Students at a midsized public university in Connecticut were just surveyed to determine the extent of their vaccine hesitancy regarding coronavirus vaccines. The random sample consisted of 592 graduate and undergraduate students. The survey asked: “Will you be vaccinated for the coronavirus when vaccines are available to you?” And the results: 299 (50.6%) responded yes, 176 (29.8%) responded no, and 114 (19.3%) responded not sure.
The sample consisted of 378 (64.0%) female students and 206 (34.90%) male students, and respondents were segmented by year in school as follows: (a) 144 (24.4%) students were freshmen; (b) 116 (19.6%) students were sophomores; (c)154 (26.1%) students were juniors; and (d) 154 (26.1%) students were seniors. Students’ comments regarding why they would not be vaccinated or why they were not sure indicated that they needed more information.
The implications for college and university administrators are clear. The issues must be addressed. It is clear from the students’ comments that their main concern is fear of the unknown. They do not have enough information to decide whether to be vaccinated. Information campaigns must begin now.
[click_to_tweet tweet=”About 50% of students surveyed by one university said they don’t plan to get the COVID vaccine or they aren’t sure. Many do not have enough information to decide. Vaccination campaigns from campus officials must begin now. #highered” quote=”About 50% of students surveyed by one university said they don’t plan to get the COVID vaccine or they aren’t sure. Many do not have enough information to decide. Vaccination campaigns from campus officials must begin now. #highered”]
Administrators have many options available to them, using proven ways to publicize information.
Students like to read. Written cards with updated information regarding vaccines can be placed on tables in food courts and other dining service locations. Changing cards regularly ensures that students will read the new ones and not ignore them. Information on different paper formats and chalk on walkways also draw students’ attention. Flyers can be posted around campus in classrooms, bus stop enclosed areas, and so forth.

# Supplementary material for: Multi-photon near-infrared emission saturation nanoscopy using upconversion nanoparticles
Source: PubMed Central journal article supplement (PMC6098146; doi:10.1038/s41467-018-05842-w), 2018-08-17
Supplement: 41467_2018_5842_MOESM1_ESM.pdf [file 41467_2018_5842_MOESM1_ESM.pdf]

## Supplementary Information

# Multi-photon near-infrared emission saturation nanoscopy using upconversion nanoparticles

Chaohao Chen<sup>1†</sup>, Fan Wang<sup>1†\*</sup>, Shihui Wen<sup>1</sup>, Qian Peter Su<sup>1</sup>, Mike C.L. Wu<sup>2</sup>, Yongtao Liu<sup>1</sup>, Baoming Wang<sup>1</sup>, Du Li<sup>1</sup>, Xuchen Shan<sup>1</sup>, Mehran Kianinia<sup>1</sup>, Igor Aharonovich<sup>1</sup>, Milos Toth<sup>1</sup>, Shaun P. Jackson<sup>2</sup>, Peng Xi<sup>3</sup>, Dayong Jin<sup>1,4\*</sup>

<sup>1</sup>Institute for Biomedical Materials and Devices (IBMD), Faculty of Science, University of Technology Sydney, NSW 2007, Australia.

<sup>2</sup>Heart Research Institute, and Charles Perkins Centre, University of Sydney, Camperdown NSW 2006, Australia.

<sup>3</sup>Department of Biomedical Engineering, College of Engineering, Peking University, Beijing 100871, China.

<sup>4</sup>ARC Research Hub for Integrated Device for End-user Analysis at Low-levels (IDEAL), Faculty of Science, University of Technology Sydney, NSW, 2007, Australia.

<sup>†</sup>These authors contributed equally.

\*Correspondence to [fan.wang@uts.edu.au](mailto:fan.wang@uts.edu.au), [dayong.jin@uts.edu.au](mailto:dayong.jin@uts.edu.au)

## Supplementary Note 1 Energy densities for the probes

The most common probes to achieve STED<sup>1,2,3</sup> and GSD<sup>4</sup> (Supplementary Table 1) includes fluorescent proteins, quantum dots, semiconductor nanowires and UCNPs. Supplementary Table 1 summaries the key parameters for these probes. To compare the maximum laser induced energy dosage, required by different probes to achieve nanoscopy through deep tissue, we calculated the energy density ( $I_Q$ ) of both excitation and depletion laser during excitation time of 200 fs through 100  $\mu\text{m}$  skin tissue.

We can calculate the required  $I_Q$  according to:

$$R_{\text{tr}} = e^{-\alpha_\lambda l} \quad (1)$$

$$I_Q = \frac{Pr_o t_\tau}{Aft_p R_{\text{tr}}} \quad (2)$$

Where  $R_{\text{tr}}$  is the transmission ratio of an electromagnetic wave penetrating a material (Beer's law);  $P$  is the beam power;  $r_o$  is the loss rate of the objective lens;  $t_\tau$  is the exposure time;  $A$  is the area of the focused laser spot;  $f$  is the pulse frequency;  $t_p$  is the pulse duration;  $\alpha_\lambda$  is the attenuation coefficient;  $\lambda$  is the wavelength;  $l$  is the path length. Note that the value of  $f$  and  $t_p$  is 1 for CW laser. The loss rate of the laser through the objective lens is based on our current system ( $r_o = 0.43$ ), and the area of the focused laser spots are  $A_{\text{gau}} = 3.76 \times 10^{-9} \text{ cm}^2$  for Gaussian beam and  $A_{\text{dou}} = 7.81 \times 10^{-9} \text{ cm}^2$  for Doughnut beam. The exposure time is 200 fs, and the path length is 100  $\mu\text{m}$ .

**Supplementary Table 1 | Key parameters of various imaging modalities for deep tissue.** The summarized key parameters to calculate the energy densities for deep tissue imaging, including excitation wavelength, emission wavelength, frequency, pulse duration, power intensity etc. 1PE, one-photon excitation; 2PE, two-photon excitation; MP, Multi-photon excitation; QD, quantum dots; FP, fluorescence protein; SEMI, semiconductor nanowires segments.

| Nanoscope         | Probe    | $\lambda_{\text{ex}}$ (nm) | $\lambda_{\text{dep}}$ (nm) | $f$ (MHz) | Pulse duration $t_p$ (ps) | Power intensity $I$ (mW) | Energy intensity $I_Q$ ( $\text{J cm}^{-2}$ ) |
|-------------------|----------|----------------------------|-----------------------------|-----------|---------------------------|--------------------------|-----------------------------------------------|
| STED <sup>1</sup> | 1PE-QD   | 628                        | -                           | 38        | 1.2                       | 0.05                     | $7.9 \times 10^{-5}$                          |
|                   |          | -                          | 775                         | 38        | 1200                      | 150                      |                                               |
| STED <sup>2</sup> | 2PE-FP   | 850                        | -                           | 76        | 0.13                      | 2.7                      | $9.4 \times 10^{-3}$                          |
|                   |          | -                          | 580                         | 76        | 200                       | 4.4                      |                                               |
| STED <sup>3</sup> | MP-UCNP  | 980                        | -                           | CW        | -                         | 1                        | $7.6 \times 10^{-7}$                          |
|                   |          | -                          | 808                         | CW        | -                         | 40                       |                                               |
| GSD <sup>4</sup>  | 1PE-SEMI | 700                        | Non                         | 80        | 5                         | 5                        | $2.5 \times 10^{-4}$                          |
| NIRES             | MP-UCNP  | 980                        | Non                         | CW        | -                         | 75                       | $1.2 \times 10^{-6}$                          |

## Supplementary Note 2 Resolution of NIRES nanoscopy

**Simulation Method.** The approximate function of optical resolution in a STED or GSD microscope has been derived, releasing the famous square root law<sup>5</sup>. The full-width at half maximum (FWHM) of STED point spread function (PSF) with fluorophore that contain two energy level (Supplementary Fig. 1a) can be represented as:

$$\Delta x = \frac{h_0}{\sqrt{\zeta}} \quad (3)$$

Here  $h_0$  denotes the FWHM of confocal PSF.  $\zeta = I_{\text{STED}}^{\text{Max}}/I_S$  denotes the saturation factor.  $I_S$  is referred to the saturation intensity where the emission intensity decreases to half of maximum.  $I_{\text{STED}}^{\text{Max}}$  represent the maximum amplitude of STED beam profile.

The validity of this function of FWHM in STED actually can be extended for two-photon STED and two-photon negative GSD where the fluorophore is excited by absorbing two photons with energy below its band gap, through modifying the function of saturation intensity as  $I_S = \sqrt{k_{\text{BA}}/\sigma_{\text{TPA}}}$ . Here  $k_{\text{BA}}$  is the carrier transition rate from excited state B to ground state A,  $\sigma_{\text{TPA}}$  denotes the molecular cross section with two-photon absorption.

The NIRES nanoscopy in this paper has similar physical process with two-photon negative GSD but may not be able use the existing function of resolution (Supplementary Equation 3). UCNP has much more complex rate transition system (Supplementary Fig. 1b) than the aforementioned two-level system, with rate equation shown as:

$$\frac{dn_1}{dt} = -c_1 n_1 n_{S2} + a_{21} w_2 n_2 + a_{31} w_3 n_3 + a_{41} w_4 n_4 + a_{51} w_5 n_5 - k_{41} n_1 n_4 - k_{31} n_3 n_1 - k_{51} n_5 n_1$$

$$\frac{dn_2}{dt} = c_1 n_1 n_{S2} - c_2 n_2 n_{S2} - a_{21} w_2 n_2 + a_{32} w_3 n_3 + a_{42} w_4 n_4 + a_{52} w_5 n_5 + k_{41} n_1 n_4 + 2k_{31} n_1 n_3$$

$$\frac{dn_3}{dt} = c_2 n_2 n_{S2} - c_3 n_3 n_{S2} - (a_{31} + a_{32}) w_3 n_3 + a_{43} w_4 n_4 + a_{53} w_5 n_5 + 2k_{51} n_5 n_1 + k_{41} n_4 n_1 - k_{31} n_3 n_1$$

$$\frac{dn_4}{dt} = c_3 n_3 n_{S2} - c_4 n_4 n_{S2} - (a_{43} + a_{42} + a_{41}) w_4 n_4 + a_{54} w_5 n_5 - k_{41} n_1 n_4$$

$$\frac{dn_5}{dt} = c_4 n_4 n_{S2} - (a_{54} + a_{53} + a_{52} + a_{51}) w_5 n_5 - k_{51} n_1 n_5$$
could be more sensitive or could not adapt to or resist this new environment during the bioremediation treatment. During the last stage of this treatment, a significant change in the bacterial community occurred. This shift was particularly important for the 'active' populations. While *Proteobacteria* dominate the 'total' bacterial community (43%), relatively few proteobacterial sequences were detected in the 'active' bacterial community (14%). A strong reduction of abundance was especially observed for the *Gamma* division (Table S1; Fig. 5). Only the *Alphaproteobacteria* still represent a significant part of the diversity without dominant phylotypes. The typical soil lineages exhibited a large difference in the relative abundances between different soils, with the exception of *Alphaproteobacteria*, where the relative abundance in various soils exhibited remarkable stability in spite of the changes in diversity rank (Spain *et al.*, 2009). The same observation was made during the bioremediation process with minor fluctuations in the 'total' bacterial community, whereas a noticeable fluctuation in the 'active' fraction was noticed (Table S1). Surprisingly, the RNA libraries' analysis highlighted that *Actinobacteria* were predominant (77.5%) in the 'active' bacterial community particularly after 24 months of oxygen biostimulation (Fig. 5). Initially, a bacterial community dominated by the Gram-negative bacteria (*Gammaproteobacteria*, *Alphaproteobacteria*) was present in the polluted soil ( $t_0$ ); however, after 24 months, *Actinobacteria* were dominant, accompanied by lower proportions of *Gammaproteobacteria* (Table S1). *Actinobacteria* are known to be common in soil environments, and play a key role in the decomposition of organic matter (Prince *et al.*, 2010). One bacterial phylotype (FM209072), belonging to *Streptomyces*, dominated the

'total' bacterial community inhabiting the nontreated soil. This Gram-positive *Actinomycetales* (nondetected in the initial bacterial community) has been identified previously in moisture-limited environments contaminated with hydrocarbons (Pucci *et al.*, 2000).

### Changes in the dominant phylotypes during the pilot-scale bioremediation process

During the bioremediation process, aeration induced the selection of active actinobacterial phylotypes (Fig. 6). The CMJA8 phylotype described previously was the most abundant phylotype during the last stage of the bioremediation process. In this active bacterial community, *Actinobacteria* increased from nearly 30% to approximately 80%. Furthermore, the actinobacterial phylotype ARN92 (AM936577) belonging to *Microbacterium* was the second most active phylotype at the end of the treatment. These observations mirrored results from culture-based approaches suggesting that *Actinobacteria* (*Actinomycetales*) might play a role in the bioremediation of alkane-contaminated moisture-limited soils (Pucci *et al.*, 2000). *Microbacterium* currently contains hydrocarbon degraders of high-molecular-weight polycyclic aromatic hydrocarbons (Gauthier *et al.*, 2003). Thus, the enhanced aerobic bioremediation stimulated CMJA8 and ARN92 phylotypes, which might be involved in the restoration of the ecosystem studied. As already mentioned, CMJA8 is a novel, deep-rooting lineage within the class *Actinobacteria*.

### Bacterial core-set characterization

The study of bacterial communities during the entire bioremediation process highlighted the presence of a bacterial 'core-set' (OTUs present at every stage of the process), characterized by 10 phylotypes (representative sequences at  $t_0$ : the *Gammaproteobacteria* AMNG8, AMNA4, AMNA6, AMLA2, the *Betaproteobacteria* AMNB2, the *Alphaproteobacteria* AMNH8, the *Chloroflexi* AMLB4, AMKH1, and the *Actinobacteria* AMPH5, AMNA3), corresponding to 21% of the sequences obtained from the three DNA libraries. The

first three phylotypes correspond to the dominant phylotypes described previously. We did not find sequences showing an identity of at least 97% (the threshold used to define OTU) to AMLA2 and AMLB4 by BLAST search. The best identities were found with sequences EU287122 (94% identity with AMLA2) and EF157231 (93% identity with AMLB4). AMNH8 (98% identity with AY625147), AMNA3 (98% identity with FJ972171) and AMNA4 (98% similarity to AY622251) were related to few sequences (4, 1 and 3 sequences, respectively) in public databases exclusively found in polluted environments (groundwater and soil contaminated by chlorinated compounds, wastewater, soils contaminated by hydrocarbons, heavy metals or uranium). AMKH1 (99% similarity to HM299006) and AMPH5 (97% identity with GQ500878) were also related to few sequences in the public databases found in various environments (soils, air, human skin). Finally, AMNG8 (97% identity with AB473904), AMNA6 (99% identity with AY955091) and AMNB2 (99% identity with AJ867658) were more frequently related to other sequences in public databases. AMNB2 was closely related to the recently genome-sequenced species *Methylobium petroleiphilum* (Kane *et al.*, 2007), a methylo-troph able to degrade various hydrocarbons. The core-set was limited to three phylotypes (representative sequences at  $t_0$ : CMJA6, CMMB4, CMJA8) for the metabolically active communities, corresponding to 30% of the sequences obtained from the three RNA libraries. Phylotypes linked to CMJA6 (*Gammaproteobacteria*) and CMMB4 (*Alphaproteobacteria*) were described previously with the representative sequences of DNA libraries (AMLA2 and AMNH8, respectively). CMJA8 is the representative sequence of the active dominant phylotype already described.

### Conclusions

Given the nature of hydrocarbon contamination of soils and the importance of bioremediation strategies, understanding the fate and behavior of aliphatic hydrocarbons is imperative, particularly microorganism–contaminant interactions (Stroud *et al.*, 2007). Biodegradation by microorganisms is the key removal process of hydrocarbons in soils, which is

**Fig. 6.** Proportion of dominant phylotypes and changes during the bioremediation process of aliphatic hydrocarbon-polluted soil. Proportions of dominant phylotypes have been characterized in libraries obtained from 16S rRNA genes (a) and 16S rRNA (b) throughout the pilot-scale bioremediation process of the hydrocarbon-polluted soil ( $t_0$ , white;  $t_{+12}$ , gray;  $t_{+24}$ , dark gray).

Games are popular with students. Clubs on campus have many ways to raise funds. They have tables in different locations throughout the campus when fundraising. Involving different clubs is a good way to distribute facts about the vaccine. For example, students can be asked prepared questions regarding vaccine safety and if they are correct they can win items with the school’s name, such as keychains, pens, notebooks, and so forth. They can also win donuts and other food items.
Social media is an excellent way to reach college students. Facebook (i.e., for some, not many), Twitter, Instagram, Snapchat, YouTube and so forth are platforms that can be used to disseminate information.
All campaigns designed to disseminate information regarding the importance of being vaccinated for the coronavirus should include a word-of-mouth component. It is well known that word-of-mouth sells products, services, and ideas. For example, advertisements on all media platforms might encourage people who are vaccinated to encourage five of their friends to get the vaccination.
Administrators in Student Affairs might offer students with proof that they have been vaccinated upscale items with the school name, such as hoodies, T-shirts, backpacks, and the like. Administrators who employ combinations of these campaigns can provide the facts students are seeking. This is important for all students, especially those who said no or were not sure, if they would be vaccinated for the coronavirus.
C. Kevin Synnott is a lecturer in the Department of Business Administration, Management and Marketing, at Eastern Connecticut State University. His research and papers on the Social Science Research Network can be found here.